3. The Library of Congress lists Louis’ Lunch in New Haven, CT as the birthplace of the hamburger. As much as Texas Monthly believes that Texas is really the center of the universe, sorry, but no…

  4. Pat, give us a clue. If our readers can guess it I can throw a pie in your face. If they don’t then you can throw one in mine. Let’s duel, baby. Spill it.

  5. Just allegedly leaked (in some skinny bitch’s car) Hot off the (George Foreman) press:

    *Posthumous award to Prince of Hamburgers on Lemon Avenue.

  6. Leslie Brenner’s cover story in Saveur says the hamburger wasn’t invented in Texas.

    She also says that, “At the end of the day, I confess that this frenzy to elevate the food, to load it up with expensive or extravagant ingredients, tends only to intensify my craving for a good, old-fashioned backyard hamburger.” She then describes a good, old-fashioned backyard hamburger. Here’s the recipe…

    Step 1: Invite Nancy Silverton over and tell her to make burgers in your backyard. (Wear a fake mustache so you can remain anonymous.)

    Step 2: Watch Nancy Silverton freshly grind the beef, using chuck and sirloin fat.

    Step 3: Watch Nancy Silverton cook your burger to medium rare on a cast iron griddle.

    Step 4: Watch Nancy Silverton shave some imported Gruyere over the patty.

    Step 5: Watch Nancy Silverton dress the burger with seasonal, heirloom tomato and lettuce and slivers of ripe avocado.

    Step 6: Watch Nancy Silverton spread some freshly made spicy mayo and ketchup on the bun that she baked just that morning at La Brea Bakery.

    What could be easier?

  7. Nancy–If I told you, they’d have to kill me. But let me say this: It’s in Dallas. (You’re number one, you’re number one . . . .) It would be about the fiftieth — no, hundredth– place that would come to mind when you think, “I’m in the mood for a burger.” But once you had it, no other would do. Pat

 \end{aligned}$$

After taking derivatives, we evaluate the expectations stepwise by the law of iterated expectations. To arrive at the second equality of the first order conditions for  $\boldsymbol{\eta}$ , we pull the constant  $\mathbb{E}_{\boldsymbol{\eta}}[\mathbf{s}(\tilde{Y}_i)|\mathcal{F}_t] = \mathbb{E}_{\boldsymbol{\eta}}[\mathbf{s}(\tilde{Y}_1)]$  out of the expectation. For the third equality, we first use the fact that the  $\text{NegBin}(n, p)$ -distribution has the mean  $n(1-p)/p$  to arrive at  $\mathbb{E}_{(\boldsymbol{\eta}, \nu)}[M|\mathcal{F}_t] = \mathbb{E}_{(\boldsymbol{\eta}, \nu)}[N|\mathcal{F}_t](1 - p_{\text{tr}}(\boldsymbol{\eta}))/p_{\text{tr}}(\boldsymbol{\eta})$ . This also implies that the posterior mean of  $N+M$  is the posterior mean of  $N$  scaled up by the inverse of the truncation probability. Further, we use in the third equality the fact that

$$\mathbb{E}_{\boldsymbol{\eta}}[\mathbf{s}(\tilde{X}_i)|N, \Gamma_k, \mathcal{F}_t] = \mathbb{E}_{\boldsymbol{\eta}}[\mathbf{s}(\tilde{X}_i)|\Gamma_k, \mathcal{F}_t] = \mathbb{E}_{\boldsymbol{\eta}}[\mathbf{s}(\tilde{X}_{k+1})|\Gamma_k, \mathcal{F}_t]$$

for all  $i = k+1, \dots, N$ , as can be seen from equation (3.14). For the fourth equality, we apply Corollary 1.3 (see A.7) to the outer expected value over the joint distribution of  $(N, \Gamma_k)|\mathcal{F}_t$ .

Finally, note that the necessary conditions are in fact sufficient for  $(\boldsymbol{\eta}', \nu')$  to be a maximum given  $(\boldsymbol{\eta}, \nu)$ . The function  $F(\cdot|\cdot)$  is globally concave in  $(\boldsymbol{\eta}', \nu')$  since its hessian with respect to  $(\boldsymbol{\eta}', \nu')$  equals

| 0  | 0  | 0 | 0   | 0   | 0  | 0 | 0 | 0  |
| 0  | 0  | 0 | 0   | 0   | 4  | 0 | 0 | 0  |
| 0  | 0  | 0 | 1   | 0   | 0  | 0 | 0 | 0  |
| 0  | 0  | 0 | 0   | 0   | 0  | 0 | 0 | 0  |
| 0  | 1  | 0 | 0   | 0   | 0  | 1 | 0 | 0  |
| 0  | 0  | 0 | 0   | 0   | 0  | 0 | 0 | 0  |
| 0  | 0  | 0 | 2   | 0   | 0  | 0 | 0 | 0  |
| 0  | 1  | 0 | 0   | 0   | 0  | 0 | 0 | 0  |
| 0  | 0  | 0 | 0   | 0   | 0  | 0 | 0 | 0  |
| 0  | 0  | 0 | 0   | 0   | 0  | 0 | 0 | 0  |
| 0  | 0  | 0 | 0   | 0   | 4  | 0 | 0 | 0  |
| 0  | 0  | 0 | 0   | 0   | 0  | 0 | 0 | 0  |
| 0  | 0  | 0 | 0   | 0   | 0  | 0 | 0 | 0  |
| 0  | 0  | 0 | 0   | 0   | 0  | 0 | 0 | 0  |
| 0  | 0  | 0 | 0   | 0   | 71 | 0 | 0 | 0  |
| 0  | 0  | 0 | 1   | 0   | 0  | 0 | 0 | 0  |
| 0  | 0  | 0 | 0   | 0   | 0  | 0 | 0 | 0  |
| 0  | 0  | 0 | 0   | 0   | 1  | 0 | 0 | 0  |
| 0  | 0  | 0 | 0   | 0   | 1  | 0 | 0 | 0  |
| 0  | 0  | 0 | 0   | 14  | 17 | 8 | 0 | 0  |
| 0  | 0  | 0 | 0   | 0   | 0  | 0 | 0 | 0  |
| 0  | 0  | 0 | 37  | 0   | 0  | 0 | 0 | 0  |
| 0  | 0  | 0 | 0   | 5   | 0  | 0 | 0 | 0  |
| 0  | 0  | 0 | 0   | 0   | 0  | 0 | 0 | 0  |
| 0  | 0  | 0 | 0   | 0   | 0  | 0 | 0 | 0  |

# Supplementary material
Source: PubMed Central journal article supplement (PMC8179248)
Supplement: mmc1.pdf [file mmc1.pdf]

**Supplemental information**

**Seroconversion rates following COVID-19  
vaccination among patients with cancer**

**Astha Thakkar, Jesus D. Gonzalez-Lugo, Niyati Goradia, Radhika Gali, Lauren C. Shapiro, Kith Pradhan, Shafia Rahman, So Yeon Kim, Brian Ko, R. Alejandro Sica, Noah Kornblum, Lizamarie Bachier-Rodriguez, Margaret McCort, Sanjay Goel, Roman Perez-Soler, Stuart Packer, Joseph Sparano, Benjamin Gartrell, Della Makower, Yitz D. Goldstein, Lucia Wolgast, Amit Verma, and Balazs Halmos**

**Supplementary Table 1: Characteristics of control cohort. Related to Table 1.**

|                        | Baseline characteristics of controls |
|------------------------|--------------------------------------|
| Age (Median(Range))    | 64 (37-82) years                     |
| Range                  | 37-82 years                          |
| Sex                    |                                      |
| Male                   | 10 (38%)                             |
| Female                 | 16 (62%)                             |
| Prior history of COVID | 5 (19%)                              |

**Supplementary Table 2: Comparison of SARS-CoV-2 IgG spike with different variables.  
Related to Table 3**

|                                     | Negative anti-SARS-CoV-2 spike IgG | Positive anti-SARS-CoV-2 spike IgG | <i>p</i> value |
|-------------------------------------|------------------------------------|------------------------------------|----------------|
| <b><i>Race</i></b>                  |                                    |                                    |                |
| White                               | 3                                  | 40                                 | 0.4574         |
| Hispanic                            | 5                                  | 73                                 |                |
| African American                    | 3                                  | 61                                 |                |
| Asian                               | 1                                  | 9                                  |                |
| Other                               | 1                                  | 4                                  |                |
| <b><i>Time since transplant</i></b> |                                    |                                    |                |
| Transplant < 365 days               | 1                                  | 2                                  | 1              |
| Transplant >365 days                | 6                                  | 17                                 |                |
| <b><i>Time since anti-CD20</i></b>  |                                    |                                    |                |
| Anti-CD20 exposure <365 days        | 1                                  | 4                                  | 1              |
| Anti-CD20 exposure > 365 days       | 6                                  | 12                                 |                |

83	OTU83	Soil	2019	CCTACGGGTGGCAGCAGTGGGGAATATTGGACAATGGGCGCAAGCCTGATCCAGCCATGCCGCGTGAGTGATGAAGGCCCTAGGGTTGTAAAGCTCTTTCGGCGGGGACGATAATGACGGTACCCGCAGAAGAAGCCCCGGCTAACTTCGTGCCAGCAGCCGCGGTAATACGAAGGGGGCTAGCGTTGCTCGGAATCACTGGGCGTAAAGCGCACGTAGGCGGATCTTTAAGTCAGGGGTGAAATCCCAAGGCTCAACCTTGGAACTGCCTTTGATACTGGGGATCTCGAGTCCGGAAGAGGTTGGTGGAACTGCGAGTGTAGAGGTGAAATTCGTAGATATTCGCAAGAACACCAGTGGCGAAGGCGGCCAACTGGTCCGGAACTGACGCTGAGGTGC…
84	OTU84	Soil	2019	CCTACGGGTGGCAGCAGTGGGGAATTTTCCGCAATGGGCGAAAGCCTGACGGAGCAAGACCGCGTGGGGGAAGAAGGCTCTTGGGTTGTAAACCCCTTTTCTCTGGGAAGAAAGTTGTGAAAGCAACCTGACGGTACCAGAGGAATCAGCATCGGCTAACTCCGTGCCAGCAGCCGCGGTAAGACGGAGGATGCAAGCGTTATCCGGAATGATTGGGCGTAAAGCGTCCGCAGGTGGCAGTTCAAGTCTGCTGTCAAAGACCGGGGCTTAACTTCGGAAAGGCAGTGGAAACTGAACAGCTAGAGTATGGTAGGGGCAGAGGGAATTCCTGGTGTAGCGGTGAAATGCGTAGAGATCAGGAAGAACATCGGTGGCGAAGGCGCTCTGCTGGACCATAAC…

P.S. The list is coming out mid-afternoon tomorrow. So they sayeth (the almighty “they”).

  8. If it’s not Wingfield’s, I’m going to cancel my TM subscription. Ok. Not really. But it better be Wingfield’s.

  9. I sorta waited 24 hrs. to comment that, although Nancy’ Silverton’s burger sounds wonderful, I would be remiss to not mention that, (as a 7th generation Texan who admittedly lived in northern California) Leslie Brenner’s mention of a ‘good old-fashioned backyard burger’ involving Gruyere is right up there with the woman who suggested to a single working mother friend of mind that she put granite countertops in her guest bath and a ‘small Persian rug’ on its floor ‘to add worldly interest’.

  10. Everyone does know that I found the first citation of “hamburgers” in the year 1883 from New York City?

    Everyone does know that I found numerous citations for “hamburger sandwiches” in the 1890s and early 1900s?

    Everyone does know that Dallas had at least one hamburger stand in the 1890s and that it’s listed in a 1900 city directory?

    Tell me again how Fletcher Davis invented or popularized the hamburger in 1904?

    Why oh why did no one contact me to write this story?